trivial pursuit...

airnik

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FAR 47.15 (b) states "A U.S. identification number may not exceed five symbols in addition to the prefix letter "N". These symbols may be all numbers (N10000), one to four numbers and one suffix letter (N 1000A), or one to three numbers and two suffix letters (N 100AB). The letters "I" and "O" may not be used. The first zero in a number must always be preceded by at least one of the numbers 1 through 9."

In case anyone was wondering....
 

airnik

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whoops...

sorry - that was in response to the question regarding why planes can't have an "I" or an "O" in the tailnumber. my bad.
 

avbug

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Also, you won't find this in the FAR, but no N numbers may end with "key." The FAA made this determination based on experience, because every time a pilot called in on the radio and spelled out the N-number K-E-Y, the air traffic controller would invariably and unconciously reply, "M-O-U-S-E. Turn left, heading two seven zero, climb and maintain..."

With the newer generation of controllers this doesn't seem to have been a problem. In fact, they're probably sitting out there right now saying, "Whaaaaa?"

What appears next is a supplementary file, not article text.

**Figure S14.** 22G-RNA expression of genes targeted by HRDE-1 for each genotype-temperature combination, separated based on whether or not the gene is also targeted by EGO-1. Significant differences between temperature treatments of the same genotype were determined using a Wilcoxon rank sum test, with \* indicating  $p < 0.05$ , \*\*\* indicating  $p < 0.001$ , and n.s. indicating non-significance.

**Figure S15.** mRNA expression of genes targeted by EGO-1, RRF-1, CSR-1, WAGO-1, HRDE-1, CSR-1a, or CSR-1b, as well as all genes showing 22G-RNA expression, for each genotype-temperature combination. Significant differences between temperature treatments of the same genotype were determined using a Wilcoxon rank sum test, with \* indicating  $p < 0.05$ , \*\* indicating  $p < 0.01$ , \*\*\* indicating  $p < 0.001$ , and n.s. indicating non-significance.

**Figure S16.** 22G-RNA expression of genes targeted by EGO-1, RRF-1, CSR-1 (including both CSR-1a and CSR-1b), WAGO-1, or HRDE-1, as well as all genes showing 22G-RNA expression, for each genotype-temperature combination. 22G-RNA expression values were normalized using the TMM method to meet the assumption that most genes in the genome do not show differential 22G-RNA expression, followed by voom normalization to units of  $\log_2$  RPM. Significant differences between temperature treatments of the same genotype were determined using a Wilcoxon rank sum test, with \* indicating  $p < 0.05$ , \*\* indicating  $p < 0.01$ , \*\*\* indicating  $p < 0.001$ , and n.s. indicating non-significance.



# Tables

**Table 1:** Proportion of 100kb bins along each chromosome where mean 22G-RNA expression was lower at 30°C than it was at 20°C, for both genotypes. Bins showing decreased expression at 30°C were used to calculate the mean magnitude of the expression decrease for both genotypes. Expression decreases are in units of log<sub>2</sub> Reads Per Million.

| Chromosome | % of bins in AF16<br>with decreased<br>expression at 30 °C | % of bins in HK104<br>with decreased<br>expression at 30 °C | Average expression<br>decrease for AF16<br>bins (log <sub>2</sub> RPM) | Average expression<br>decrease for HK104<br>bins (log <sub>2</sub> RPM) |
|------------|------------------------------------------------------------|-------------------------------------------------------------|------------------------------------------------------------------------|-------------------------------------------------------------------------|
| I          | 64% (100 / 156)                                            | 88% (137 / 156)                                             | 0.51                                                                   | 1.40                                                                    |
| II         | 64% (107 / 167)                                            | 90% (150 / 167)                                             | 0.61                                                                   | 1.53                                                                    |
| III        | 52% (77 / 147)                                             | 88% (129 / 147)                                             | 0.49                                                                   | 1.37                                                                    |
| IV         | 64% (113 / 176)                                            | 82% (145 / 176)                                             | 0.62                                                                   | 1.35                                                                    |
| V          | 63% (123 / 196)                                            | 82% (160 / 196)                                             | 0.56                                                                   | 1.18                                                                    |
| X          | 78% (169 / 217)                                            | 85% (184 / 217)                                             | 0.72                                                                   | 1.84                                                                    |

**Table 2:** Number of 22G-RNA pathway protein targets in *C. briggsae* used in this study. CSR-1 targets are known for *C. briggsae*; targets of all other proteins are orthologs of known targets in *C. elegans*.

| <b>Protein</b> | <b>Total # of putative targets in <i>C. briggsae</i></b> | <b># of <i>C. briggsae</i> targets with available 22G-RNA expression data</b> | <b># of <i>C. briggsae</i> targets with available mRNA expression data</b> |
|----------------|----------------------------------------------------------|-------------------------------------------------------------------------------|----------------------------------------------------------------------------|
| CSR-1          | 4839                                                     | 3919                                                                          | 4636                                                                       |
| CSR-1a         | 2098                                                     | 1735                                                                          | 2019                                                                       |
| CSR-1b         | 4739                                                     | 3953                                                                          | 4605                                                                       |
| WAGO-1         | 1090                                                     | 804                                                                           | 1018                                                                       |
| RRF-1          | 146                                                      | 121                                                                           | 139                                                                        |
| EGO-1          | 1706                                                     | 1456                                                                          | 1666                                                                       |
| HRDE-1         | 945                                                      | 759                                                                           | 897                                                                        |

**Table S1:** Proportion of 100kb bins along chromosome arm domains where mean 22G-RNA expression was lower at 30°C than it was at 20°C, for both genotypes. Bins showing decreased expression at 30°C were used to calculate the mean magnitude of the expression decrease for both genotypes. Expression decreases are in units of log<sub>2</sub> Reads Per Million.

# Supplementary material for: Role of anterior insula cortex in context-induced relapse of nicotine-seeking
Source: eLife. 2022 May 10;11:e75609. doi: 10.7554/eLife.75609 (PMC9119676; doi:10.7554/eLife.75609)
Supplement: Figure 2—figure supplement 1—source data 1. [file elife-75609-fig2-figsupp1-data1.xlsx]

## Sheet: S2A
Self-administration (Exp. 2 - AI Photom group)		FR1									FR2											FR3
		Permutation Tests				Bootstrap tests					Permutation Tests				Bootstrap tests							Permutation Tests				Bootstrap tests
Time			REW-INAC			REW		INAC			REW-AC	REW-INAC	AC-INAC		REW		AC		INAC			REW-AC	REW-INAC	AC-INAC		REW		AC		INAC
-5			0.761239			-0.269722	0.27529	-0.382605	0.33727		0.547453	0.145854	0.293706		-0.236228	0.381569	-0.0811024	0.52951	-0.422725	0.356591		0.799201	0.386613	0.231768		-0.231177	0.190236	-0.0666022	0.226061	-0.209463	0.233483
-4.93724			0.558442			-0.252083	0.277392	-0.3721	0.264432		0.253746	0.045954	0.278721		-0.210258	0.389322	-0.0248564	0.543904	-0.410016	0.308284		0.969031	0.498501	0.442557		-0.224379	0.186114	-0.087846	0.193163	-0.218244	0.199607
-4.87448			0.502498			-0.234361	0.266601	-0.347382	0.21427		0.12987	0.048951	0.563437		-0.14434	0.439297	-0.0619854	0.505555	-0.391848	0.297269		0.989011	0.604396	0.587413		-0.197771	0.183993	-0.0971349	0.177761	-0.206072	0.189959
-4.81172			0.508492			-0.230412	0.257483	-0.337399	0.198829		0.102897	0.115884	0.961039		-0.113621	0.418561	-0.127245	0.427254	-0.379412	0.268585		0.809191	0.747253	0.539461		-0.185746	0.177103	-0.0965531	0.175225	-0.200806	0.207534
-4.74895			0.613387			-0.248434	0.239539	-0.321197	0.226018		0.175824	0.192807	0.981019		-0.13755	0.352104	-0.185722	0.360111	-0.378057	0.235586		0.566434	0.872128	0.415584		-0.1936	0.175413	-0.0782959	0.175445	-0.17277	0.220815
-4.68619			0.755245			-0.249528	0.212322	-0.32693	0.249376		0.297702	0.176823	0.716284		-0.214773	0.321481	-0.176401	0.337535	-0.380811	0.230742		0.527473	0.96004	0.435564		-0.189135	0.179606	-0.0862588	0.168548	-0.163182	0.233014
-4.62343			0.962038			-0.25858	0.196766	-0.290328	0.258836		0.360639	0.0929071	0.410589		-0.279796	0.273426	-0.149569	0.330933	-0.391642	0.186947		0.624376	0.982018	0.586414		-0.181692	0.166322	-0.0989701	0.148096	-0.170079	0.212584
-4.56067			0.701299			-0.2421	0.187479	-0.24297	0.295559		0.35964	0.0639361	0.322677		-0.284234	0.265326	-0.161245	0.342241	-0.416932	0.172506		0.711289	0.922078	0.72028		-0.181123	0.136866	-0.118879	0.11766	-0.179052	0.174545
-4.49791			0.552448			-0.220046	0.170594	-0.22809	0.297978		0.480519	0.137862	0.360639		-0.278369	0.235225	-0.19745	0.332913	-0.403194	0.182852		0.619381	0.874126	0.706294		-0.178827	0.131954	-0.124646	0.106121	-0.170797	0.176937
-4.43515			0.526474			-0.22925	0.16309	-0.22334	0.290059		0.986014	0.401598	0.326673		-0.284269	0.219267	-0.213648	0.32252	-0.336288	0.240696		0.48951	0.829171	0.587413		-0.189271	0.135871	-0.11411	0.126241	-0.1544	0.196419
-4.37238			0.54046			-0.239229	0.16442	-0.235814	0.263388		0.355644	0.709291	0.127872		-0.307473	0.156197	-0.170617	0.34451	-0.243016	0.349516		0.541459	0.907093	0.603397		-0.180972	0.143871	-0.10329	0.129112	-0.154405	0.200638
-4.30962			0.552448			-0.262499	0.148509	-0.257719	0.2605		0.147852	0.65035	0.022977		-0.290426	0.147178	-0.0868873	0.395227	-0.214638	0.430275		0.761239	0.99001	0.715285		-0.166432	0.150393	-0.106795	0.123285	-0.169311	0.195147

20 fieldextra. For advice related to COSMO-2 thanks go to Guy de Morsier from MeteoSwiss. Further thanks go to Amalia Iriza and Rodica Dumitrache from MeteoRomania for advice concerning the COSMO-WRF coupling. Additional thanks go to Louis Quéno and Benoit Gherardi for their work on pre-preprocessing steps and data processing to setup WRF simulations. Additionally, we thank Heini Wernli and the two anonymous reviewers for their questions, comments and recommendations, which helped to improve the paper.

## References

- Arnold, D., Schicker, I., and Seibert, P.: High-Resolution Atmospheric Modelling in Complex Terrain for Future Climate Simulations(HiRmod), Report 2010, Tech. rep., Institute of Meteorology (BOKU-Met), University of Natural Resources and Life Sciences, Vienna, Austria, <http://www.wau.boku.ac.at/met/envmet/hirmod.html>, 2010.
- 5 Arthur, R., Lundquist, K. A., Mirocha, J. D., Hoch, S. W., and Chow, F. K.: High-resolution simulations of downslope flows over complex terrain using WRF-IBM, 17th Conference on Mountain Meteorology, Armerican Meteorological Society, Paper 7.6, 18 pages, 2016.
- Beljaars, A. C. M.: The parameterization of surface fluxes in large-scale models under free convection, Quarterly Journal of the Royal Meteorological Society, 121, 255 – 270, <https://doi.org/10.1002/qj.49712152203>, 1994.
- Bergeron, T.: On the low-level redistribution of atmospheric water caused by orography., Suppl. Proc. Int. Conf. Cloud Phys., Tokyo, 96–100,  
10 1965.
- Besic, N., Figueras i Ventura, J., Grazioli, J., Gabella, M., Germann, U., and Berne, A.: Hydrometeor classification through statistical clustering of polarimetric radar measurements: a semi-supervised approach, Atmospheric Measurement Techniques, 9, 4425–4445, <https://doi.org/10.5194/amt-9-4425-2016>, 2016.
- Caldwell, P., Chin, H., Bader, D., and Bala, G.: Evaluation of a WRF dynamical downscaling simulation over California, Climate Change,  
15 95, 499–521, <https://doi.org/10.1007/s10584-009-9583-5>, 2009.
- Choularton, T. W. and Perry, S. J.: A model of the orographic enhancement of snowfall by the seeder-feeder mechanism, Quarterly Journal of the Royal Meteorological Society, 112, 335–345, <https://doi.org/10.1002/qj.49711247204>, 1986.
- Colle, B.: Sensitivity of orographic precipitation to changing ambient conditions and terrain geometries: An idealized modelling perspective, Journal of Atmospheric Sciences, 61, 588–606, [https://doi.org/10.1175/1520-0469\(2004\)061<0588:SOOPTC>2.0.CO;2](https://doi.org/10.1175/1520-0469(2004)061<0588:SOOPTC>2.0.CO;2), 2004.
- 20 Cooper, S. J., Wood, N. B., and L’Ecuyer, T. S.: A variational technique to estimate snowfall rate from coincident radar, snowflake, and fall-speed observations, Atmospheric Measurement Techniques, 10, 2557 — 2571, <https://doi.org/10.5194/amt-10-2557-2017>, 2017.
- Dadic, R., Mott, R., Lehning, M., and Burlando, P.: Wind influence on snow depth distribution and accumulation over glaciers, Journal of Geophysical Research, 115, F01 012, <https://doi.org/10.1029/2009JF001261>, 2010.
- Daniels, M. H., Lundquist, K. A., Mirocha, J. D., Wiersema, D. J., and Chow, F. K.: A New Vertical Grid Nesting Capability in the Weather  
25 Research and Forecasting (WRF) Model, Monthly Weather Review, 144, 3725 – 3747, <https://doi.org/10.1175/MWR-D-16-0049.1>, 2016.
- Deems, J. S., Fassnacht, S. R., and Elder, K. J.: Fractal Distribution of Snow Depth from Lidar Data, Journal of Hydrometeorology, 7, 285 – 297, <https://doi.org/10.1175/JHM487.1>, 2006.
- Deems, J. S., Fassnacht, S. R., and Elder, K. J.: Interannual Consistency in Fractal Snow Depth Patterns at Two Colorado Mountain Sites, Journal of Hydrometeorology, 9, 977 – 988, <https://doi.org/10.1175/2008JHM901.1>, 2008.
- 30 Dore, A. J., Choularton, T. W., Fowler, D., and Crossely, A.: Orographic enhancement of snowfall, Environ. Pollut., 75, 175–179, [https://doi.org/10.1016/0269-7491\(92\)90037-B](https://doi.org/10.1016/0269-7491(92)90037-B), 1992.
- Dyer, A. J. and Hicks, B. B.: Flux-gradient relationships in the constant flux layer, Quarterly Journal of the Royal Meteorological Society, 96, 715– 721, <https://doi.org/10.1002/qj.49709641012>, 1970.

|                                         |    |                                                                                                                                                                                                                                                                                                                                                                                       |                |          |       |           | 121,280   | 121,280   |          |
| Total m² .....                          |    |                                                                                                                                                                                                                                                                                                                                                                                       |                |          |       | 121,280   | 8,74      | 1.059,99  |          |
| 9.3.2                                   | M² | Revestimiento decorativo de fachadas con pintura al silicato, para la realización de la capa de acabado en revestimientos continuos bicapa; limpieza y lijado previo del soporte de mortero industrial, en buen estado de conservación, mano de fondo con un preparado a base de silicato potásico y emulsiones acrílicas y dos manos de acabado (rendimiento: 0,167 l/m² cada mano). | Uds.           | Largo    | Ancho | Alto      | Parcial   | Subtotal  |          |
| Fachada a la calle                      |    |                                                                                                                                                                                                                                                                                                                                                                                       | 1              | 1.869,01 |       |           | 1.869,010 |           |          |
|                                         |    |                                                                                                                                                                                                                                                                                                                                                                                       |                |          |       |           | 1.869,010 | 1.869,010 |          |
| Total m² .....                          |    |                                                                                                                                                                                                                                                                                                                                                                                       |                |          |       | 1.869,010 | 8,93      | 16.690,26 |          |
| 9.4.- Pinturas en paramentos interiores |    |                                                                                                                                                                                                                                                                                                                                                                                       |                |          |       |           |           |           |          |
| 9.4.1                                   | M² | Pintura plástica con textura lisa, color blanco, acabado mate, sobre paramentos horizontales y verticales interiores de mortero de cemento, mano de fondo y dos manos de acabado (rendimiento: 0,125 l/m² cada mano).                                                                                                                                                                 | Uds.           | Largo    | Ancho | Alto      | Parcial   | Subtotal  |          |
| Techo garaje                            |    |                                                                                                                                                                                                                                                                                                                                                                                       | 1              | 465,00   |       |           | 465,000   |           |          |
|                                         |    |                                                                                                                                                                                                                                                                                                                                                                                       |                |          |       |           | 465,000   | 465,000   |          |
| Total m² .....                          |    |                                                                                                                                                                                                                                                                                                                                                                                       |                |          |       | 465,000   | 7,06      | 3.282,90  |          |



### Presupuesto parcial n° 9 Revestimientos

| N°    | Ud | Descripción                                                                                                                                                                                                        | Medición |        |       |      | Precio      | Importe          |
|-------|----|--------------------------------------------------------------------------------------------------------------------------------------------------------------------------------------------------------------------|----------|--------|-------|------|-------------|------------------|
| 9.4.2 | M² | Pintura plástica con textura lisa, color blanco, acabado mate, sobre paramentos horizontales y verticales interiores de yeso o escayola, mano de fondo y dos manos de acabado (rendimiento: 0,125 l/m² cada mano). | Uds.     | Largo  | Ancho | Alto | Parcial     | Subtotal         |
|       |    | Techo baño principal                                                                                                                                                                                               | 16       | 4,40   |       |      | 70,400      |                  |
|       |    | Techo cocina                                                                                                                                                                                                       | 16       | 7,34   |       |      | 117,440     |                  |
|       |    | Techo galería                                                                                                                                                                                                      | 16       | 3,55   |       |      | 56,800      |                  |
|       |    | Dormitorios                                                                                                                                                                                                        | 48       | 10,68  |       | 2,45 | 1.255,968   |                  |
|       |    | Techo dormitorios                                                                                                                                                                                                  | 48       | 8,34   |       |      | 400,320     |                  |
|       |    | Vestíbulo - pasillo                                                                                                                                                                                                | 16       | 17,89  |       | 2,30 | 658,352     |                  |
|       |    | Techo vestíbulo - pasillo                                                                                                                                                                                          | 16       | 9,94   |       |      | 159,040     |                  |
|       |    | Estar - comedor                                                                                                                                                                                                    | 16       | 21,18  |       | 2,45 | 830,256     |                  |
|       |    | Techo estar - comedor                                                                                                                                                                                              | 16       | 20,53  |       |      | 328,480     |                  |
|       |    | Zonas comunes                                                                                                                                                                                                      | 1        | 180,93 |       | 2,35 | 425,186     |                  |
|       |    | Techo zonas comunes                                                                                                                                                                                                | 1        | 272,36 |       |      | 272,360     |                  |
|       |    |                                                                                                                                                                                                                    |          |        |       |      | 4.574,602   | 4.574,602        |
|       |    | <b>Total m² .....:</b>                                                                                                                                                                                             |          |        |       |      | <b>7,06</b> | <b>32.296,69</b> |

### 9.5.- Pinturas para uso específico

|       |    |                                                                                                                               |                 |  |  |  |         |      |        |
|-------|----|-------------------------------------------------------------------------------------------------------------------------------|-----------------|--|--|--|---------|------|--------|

ILLINI

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Avbug, you're not serious are you?

Do you mean N12KEY would not be allowed? I don't think it would be allowed either, but not because it ended in "KEY", but becuase you can't end an N number with more than 2 letters. Or do you mean N751DW would not be allowed because "Whiskey" ends in "...key"? I know this is a "legal" N number because I used to fly it! Even though we didn't call it 751 Delta Whiskey, we called it 751 Death Wish!

It's still early for me and my sence of humor hasn't kicked in yet, but I just wanted to clarify that this was a joke.... right? If so, might I add..... I get it! HA HA HA HA!!!:D
 
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